BMW X2 review - Engines, performance and drive
X2’s engine line-up isn’t the most thrilling, but it’s still fun to drive
As a sporty looking, coupe-inspired SUV, the BMW X2 needed to deliver a fun driving experience, so BMW spent plenty of time and money developing the X1 based architecture to try and coax out a specific X2 character.
From behind the wheel, the steering feels direct and sharp, and has a weight to it that makes the car feel sporty. Although the xDrive models feel a little heavy when pushed, the X2 still turns-in nicely on twisty tarmac. The steering retains its weighty feel in front-drive sDrive models, and when we pitted a 2.0i sDrive M Sport against the VW T-Roc 2.0 TSI R-Line, the BMW came out on top for sporty feel, rolling less, and offering better levels of grip and agility.
Unsurprisingly for a premium product, the X2 is comfortable and easy to drive on long motorway hauls. However, driver assistance tech for the highway is largely relegated to the options list. On any X2, a lane departure warning system and active cruise control will cost you extra, as part of an options pack.
At speed, the firm ride irons out bumps nicely, though the trade-off is a slightly less-civilised experience when travelling at a lower pace, even when Comfort mode is selected via the optional Electronic Damper Control toggle switch. M Sport models ride on 19-inch wheels too, with the low profile tyres further impeding the ride quality on rougher surfaces, and we found the T-Roc in our back to back test rode a little more comfortably. The big tyres also induce noticeable tyre roar on the motorway, too.
Like with the X1, there’s no full-fat M version of the X2. There is however the X2 M35i, but in our opinion this souped-up, range-topping version doesn't doesn't feel special or fast enough for its sky-high £50,000 list price. In fact, when we pitted the X2 M35i against and Audi SQ2 and Cupra Ateca, the BMW came second behind the Cupra because it wasn't as sharp to drive as the Ateca.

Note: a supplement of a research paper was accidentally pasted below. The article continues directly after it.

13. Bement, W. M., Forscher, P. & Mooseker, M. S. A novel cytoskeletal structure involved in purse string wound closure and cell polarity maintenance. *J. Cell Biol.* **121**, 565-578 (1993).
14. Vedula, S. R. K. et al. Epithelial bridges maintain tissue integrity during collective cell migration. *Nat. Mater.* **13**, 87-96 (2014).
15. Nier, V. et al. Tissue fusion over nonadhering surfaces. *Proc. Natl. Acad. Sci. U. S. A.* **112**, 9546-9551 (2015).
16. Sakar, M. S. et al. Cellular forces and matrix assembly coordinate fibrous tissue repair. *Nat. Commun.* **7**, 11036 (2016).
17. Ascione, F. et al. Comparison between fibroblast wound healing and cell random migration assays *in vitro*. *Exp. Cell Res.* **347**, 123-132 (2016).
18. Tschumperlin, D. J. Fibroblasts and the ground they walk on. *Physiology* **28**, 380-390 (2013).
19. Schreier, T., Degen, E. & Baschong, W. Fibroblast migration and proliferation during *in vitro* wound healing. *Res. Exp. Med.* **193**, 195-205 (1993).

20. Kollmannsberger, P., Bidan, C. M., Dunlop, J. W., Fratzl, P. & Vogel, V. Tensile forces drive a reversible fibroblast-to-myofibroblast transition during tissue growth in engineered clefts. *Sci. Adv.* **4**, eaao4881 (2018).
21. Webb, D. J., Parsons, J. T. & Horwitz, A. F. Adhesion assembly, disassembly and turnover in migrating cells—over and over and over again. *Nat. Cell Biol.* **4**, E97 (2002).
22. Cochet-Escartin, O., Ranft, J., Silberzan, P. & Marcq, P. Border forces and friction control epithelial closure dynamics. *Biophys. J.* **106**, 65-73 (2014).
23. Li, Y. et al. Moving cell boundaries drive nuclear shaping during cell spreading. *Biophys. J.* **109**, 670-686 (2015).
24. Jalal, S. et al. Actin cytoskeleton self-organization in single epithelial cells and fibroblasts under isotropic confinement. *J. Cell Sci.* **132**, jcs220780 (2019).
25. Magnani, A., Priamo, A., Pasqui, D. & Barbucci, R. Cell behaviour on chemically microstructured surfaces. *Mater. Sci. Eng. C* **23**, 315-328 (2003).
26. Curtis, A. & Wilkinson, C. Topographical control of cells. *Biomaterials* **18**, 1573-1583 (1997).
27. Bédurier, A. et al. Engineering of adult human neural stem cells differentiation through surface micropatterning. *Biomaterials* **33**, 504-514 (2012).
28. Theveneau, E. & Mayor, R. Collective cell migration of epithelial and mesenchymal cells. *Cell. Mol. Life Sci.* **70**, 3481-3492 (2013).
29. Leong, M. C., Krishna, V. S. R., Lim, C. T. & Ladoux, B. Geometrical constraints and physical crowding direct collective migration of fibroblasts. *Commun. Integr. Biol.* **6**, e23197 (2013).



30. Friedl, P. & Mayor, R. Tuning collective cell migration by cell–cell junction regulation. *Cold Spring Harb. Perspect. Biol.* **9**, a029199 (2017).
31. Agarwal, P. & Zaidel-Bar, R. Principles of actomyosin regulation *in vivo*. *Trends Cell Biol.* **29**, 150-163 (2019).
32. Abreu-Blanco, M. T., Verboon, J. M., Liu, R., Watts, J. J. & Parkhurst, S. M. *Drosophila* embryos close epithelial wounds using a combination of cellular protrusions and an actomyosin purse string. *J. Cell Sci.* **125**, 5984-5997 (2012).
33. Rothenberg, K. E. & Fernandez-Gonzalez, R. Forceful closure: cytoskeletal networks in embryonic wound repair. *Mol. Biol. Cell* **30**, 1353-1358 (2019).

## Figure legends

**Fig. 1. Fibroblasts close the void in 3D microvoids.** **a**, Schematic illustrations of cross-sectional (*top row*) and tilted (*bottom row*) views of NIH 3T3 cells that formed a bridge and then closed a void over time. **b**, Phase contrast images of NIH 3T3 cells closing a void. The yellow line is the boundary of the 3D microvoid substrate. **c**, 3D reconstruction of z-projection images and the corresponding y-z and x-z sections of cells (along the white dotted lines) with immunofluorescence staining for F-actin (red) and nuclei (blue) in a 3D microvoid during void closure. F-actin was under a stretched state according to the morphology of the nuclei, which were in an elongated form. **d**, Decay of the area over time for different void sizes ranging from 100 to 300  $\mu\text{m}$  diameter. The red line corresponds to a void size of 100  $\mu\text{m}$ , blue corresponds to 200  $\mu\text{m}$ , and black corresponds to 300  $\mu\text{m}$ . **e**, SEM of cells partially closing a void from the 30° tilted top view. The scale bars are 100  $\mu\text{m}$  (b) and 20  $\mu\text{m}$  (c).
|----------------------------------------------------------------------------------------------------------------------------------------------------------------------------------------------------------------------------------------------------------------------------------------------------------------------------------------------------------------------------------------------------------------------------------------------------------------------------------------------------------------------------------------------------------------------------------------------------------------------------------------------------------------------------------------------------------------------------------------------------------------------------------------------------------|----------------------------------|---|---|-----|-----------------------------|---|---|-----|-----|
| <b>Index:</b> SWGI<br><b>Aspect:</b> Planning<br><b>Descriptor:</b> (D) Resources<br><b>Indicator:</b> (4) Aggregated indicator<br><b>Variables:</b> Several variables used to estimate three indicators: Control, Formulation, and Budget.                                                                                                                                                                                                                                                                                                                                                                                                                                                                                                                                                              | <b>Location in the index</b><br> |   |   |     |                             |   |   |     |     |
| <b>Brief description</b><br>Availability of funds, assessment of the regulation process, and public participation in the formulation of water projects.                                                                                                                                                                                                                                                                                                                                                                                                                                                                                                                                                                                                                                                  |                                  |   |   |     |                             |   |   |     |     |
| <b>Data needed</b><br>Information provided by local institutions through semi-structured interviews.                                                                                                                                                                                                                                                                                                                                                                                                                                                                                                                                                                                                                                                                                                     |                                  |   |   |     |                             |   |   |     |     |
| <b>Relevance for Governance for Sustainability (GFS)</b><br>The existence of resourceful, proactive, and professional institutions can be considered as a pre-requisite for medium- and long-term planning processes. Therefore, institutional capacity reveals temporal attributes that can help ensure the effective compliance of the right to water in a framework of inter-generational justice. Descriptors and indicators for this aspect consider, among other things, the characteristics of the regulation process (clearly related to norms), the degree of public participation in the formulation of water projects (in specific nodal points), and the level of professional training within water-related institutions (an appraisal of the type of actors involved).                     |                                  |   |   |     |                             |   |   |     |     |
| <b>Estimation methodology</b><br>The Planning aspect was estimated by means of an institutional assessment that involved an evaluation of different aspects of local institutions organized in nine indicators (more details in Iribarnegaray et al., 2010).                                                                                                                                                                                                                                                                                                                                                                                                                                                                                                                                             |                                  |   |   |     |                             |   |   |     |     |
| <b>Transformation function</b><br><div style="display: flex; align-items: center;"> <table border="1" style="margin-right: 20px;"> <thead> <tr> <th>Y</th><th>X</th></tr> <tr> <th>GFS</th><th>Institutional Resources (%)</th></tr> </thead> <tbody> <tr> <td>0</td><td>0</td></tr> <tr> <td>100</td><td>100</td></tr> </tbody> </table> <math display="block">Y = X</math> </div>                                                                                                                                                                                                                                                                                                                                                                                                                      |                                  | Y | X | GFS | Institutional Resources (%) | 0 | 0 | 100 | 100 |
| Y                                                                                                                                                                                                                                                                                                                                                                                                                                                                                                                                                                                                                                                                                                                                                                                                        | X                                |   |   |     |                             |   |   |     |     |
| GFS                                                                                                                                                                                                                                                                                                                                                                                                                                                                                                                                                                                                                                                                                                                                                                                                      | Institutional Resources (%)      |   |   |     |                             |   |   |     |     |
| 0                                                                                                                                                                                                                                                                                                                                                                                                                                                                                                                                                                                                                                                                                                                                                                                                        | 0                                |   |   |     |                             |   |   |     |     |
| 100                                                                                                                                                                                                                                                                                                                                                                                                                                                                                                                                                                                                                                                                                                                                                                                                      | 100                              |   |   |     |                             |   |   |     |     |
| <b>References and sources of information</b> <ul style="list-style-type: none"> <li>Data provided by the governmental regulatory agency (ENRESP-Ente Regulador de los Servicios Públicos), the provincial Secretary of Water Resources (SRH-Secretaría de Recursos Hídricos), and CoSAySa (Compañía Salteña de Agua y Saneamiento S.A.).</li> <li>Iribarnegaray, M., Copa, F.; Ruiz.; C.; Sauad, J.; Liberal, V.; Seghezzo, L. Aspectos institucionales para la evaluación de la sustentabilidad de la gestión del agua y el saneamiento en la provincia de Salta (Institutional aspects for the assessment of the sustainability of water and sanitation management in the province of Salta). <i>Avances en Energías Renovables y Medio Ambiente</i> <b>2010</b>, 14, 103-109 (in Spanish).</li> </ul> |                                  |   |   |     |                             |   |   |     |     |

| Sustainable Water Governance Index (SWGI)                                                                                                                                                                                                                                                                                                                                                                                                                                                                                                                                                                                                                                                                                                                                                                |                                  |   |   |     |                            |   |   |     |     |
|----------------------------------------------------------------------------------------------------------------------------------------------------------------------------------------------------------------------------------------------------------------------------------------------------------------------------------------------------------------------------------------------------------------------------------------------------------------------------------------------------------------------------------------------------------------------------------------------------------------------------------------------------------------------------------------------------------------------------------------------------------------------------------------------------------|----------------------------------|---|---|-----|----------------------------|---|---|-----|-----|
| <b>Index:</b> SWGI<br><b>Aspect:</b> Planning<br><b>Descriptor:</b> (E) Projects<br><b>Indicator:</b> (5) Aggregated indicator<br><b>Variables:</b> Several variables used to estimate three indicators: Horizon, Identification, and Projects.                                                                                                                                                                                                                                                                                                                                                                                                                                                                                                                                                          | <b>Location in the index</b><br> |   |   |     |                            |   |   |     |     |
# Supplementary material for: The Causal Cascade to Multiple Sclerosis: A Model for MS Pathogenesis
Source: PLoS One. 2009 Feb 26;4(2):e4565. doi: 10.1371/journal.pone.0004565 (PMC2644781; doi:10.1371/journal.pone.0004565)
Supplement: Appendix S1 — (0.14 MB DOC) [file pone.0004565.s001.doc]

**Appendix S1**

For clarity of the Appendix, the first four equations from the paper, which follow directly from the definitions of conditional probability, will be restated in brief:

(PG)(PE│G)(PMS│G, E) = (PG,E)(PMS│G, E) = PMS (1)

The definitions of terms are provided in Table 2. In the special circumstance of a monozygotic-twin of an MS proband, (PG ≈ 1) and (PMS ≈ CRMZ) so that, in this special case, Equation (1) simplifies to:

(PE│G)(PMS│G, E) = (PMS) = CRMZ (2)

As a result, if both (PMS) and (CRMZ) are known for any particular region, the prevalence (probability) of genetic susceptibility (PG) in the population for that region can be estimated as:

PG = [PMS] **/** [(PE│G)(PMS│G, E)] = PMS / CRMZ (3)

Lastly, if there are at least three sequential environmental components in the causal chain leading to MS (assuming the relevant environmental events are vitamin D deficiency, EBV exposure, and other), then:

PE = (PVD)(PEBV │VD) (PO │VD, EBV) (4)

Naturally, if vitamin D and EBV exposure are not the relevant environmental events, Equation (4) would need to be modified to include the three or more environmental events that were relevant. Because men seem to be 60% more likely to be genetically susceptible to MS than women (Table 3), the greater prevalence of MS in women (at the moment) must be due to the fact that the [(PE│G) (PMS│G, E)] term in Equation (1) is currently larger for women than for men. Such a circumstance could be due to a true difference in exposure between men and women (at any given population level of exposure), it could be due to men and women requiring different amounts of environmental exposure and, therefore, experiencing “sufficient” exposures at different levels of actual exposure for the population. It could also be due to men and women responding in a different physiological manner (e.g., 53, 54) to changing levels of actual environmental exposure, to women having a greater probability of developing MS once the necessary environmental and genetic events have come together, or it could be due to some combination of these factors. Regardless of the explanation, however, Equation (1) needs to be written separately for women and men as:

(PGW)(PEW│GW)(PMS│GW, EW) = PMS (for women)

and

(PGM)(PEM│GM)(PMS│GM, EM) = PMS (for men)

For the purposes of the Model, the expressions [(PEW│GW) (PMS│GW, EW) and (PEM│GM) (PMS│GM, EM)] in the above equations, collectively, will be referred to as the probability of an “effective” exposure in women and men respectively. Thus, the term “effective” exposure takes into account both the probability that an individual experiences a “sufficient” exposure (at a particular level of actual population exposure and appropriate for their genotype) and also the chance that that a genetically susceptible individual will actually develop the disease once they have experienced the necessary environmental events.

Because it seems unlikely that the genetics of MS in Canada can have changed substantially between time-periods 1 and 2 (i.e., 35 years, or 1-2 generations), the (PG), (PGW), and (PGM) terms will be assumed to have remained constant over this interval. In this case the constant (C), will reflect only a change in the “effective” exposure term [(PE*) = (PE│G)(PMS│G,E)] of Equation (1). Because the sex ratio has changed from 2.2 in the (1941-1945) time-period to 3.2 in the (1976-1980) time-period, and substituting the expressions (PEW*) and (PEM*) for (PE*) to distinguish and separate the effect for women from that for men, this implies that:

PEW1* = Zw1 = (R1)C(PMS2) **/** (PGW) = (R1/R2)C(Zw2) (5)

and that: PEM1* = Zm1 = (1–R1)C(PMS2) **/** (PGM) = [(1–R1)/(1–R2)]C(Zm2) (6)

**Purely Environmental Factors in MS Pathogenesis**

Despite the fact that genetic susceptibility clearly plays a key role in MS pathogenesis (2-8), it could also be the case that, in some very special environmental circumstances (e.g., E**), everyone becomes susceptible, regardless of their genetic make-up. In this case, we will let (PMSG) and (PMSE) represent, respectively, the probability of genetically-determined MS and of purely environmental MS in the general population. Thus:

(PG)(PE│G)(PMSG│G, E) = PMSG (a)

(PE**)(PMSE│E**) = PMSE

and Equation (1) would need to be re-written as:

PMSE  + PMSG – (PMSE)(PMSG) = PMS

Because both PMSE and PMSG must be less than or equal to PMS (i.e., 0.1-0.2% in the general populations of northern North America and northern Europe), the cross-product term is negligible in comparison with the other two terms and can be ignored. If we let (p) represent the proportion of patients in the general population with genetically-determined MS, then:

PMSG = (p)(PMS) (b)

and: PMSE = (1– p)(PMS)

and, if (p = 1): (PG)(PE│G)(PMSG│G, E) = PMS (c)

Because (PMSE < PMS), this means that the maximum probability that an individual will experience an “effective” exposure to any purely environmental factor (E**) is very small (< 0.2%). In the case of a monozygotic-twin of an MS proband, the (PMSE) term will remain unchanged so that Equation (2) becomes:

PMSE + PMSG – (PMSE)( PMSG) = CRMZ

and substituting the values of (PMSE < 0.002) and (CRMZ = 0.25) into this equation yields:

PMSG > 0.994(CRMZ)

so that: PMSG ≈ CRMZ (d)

0-62mph acceleration and top speed
Petrol power is covered by the 18i, 20i and range-topping M35i. The entry-level sDrive18i produces 134bhp and manages 0-62mph in 9.6 seconds, while the 176bhp xDrive20i adds four-wheel drive reducing the benchmark sprint time to 7.3 seconds.
The X2 M35i produces 302bhp and 450Nm of torque from its four-cylinder engine. This engine feels plenty potent enough in the M135i hot hatch, but the additional weight of the X2 takes the edge off the performance. At least the four-wheel drive system does help it deliver an impressive 0-62mph time of under five seconds.
The plug-in hybrid X2 xDrive25e combines a relatively small three-cylinder 1.5-litre turbocharged petrol engine with an electric motor and 10kWh battery for a total power output of 217bhp and 385Nm. The standard-fit all-wheel drive also allows the X2 a decent turn of pace, delivering 0-62mph in 6.8 seconds and a top speed of 121mph. When it's running on electric power, the X2 PHEV is as quiet as you’d expect a plug-in hybrid to be.
In the case of the now discontinued diesel versions, the 20d came with 190bhp and 400Nm of torque, resulting in a 7.7-second 0-62mph time. The less powerful 18d offered 148bhp for a 9.7 second 0-62mph time.
In this review
- 1BMW X2 reviewThe low-slung and less than practical BMW X2 is an SUV oddity, but it’s stylish and good to drive
- 2Engines, performance and drive - currently readingX2’s engine line-up isn’t the most thrilling, but it’s still fun to drive
- 3MPG, CO2 and Running CostsThe X2 offers efficient petrol and plug-in hybrid powertrains, which helps to keep running costs reasonable
- 4Interior, design and technologyA high-quality interior that’s typical of the badge, is combined with sporty SUV styling
- 5Practicality, comfort and boot spaceX2 boasts similar interior space to the X1, though that rakish body costs in places
- 6Reliability and SafetyThe X2 gets all of BMW's latest safety tech, and shares its top Euro NCAP score with the X1